• Müller, Timo (2016). "Forms of Exile: Experimental Self-Positioning in Postcolonial Caribbean Poetry". Atlantic Studies. 13 (4): 457–471. doi:10.1080/14788810.2016.1220790. S2CID 152181840.
  • Perisic, Alexandra. Precarious Crossings: Immigration, Neoliberalism, and the Atlantic. The Ohio State University Press.(2019) ISBN 9780814214107

Selected anthologiesEdit

  • James Berry, Bluefoot Traveller, London: Limestone Publications, 1976.
  • Stewart Brown, Caribbean Poetry Now, 1984.
  • Paula Burnett, The Penguin Book of Caribbean Verse in English, 1986.
  • Stewart Brown, Mervyn Morris, Gordon Rohlehr (eds), Voiceprint: An Anthology of Oral and Related Poetry from the Caribbean, 1989.
  • E. A. Markham, Hinterland: Caribbean Poetry from the West Indies and Britain, Newcastle upon Tyne: Bloodaxe, 1989.
  • Stewart Brown and Ian McDonald (eds), The Heinemann Book of Caribbean Poetry, 1992.
  • Anthony Kellman (ed.), Crossing Water: Contemporary Poetry from the English-Speaking Caribbean, NY: Greenfield Review Press, 1992.
  • Stewart Brown, Mark McWatt (eds), The Oxford Book of Caribbean Verse, 2005.
  • Lasana M. Sekou (ed.), Where I See The Sun – Contemporary Poetry in St. Martin, 2013.
  • Lasana M. Sekou (ed.), Where I See The Sun – Contemporary Poetry in Anguilla. St. Martin: House of Nehesi Publishers, 2015.[34]
  • Lasana M. Sekou (ed.), Where I See the Sun – Contemporary Poetry in The Virgin Islands (Tortola, Virgin Gorda, Anegada, Jost Van Dyke). St. Martin: House of Nehesi Publishers, 2016.[35]

See alsoEdit

ReferencesEdit

  1. ^ Edward Baugh, "A History of Poetry", in Albert James Arnold, Julio Rodríguez-Luis, J. Michael Dash (eds), A History of Literature in the Caribbean, Vol 2: English- and Dutch-speaking countries, Amsterdam/Philadelphia: John Benjamins Publishing Company, 1994, pp. 227-282.
  2. ^ Emilio Jorge Rodríguez, "Oral Tradition and New Literary Canon in Caribbean Poetry", in Albert James Arnold, Julio Rodríguez-Luis, J. Michael Dash (eds), A History of Literature in the Caribbean, Volume 3: Cross-Cultural Studies, Amsterdam/Philadelphia: John Benjamins Publishing Co., 1994, pp. 177-185.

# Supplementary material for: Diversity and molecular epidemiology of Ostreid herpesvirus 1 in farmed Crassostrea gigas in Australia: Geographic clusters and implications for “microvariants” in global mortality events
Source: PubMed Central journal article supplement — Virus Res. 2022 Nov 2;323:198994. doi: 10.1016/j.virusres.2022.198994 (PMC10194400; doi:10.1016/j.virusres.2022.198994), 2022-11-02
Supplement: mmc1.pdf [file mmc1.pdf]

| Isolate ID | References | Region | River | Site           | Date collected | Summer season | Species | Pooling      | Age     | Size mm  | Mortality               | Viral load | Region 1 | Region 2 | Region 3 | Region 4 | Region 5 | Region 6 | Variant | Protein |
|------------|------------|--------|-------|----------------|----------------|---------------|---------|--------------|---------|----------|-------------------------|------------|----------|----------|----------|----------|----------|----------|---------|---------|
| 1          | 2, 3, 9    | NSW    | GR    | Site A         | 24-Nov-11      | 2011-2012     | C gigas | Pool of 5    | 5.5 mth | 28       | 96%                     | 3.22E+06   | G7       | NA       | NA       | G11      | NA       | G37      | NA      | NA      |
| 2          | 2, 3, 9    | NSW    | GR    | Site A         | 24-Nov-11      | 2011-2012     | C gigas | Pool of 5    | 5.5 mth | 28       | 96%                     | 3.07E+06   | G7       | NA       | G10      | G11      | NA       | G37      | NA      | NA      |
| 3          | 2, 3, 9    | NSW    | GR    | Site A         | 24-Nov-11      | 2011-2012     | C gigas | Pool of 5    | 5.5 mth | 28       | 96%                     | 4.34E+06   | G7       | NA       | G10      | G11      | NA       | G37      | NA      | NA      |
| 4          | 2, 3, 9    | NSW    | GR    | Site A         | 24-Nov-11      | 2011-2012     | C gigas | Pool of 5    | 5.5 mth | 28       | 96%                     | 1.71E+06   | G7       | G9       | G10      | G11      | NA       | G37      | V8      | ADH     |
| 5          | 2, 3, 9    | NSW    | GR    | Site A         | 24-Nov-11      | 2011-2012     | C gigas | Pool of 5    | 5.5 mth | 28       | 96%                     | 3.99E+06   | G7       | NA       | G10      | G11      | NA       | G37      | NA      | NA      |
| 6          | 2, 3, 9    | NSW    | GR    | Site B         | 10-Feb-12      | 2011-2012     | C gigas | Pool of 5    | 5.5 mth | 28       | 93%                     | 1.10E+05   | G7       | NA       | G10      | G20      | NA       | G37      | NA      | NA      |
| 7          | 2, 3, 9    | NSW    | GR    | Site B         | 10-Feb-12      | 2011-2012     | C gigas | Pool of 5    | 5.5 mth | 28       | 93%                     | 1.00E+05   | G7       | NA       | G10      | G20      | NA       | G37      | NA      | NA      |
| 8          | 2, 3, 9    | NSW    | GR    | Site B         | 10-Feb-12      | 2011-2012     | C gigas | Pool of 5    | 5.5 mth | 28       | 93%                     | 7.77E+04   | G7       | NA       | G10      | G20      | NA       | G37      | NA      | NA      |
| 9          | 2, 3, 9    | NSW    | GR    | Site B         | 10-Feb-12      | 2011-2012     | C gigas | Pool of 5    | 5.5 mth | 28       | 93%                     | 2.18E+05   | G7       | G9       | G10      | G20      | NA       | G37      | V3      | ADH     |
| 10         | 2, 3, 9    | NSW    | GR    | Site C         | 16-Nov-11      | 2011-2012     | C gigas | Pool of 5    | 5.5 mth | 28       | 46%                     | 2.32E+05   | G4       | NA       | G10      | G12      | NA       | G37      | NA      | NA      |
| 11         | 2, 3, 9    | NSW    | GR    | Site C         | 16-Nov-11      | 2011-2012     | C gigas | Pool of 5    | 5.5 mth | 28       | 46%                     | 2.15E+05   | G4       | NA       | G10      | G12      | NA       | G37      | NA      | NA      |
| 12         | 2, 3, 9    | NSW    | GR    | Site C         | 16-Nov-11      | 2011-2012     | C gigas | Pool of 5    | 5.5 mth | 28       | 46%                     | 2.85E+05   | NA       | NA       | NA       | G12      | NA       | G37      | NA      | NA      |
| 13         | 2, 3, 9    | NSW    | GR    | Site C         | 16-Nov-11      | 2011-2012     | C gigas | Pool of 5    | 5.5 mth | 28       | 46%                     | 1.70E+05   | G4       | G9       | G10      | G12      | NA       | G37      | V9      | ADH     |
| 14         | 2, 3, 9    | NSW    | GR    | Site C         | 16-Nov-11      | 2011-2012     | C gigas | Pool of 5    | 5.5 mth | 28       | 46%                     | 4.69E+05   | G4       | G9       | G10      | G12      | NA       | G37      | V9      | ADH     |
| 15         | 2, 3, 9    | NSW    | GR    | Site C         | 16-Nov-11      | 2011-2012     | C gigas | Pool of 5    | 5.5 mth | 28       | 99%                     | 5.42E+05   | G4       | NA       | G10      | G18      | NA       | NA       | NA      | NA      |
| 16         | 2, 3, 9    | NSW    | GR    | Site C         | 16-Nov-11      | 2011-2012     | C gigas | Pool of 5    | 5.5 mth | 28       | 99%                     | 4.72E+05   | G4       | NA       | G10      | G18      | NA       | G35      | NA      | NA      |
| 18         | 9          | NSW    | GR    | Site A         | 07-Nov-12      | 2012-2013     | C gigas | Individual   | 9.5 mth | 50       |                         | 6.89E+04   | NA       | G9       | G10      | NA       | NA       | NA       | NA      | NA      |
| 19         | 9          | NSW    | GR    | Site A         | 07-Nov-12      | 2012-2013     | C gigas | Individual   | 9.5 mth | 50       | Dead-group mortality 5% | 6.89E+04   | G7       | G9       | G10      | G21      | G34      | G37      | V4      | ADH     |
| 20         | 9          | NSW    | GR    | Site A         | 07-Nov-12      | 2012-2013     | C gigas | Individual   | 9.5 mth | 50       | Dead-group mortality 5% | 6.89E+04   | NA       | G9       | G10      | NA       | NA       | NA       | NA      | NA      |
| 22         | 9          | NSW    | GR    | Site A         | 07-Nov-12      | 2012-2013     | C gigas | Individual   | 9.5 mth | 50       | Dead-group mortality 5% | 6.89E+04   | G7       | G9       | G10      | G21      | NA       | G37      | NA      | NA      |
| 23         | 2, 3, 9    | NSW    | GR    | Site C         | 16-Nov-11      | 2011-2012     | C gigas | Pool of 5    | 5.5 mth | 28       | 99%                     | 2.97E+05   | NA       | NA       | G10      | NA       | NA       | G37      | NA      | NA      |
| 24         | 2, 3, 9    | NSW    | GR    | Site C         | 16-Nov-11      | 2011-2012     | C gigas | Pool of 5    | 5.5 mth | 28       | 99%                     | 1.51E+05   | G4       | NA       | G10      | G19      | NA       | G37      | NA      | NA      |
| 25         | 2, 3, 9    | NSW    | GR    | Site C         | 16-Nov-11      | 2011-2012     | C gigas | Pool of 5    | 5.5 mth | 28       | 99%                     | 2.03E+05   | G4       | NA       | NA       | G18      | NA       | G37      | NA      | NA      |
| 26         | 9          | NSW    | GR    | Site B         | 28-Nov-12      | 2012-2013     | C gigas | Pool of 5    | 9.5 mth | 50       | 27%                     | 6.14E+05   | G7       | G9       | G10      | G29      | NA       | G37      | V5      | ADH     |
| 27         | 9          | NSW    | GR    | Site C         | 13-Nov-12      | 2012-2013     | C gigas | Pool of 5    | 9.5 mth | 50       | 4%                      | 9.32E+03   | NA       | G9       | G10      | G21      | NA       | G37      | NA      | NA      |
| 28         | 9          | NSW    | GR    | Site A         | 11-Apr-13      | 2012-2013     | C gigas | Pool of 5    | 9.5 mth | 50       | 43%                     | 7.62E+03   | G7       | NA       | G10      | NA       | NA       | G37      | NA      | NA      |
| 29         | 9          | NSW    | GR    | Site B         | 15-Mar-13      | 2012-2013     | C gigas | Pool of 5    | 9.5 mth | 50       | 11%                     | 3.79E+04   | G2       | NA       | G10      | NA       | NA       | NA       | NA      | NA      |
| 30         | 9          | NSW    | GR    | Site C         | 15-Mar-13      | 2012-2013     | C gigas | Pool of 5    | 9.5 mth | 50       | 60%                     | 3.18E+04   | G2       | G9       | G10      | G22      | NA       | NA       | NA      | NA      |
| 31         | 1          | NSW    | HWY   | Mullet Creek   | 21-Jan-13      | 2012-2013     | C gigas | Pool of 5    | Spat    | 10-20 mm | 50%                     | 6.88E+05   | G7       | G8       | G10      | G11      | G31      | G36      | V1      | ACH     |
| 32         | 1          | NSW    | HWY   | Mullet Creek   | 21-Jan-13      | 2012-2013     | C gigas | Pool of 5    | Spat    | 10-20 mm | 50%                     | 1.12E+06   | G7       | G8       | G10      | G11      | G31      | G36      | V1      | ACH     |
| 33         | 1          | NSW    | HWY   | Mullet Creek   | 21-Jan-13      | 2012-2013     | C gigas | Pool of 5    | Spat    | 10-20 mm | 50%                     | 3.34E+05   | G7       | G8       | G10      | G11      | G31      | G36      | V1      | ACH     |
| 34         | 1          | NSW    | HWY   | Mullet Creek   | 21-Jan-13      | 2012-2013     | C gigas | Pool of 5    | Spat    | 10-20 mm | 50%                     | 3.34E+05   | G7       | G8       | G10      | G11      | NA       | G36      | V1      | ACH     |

3. ^ Arturo Cattaneo, "Caribbean Verse: History of Literature As History in Literature". Archived 2014-02-21 at the Wayback Machine
  4. ^ Christian Andrew Campbell, Romancing "the Folk": Rereading the Nation in Caribbean Poetics, Duke University dissertation, 2007.
  5. ^ a b The Penguin book of Caribbean verse in English. Burnett, Paula, 1942-. Harmondsworth, Middlesex, England: Penguin Books. 1986. ISBN 0-14-058511-7. OCLC 13857617. Archived from the original on 2022-02-26. Retrieved 2020-09-06.{{cite book}}: CS1 maint: others (link)
  6. ^ Poets, Academy of American. "Poems by Derek Walcott". poets.org. Archived from the original on 2020-09-18. Retrieved 2020-09-06.
  7. ^ Foundation, Poetry (2020-09-06). "Derek Walcott". Poetry Foundation. Archived from the original on 2018-01-03. Retrieved 2020-09-06.
  8. ^ Foundation, Poetry (2020-09-06). "Kamau Brathwaite". Poetry Foundation. Archived from the original on 2020-09-26. Retrieved 2020-09-06.
  9. ^ Britton, Celia (2011-02-13). "Edouard Glissant". The Guardian. ISSN 0261-3077. Archived from the original on 2017-08-02. Retrieved 2020-09-06.
  10. ^ "Giannina Braschi". PEN America. 2012-08-09. Archived from the original on 2020-10-01. Retrieved 2020-09-06.
  11. ^ "Giannina Braschi: 2012 National Book Festival". Library of Congress. Archived from the original on 2020-10-11. Retrieved 2020-09-06.
  12. ^ Foundation, Poetry (2020-09-06). "Lorna Goodison". Poetry Foundation. Archived from the original on 2020-05-27. Retrieved 2020-09-06.
  13. ^ Foundation, Poetry (2020-09-06). "Aimé Fernand Césaire". Poetry Foundation. Archived from the original on 2020-08-28. Retrieved 2020-09-06.
  14. ^ Maya Jaggi, "Profile: Linton Kwesi Johnson - Poet on the front line" Archived 2016-12-26 at the Wayback Machine, The Guardian, 4 May 2002.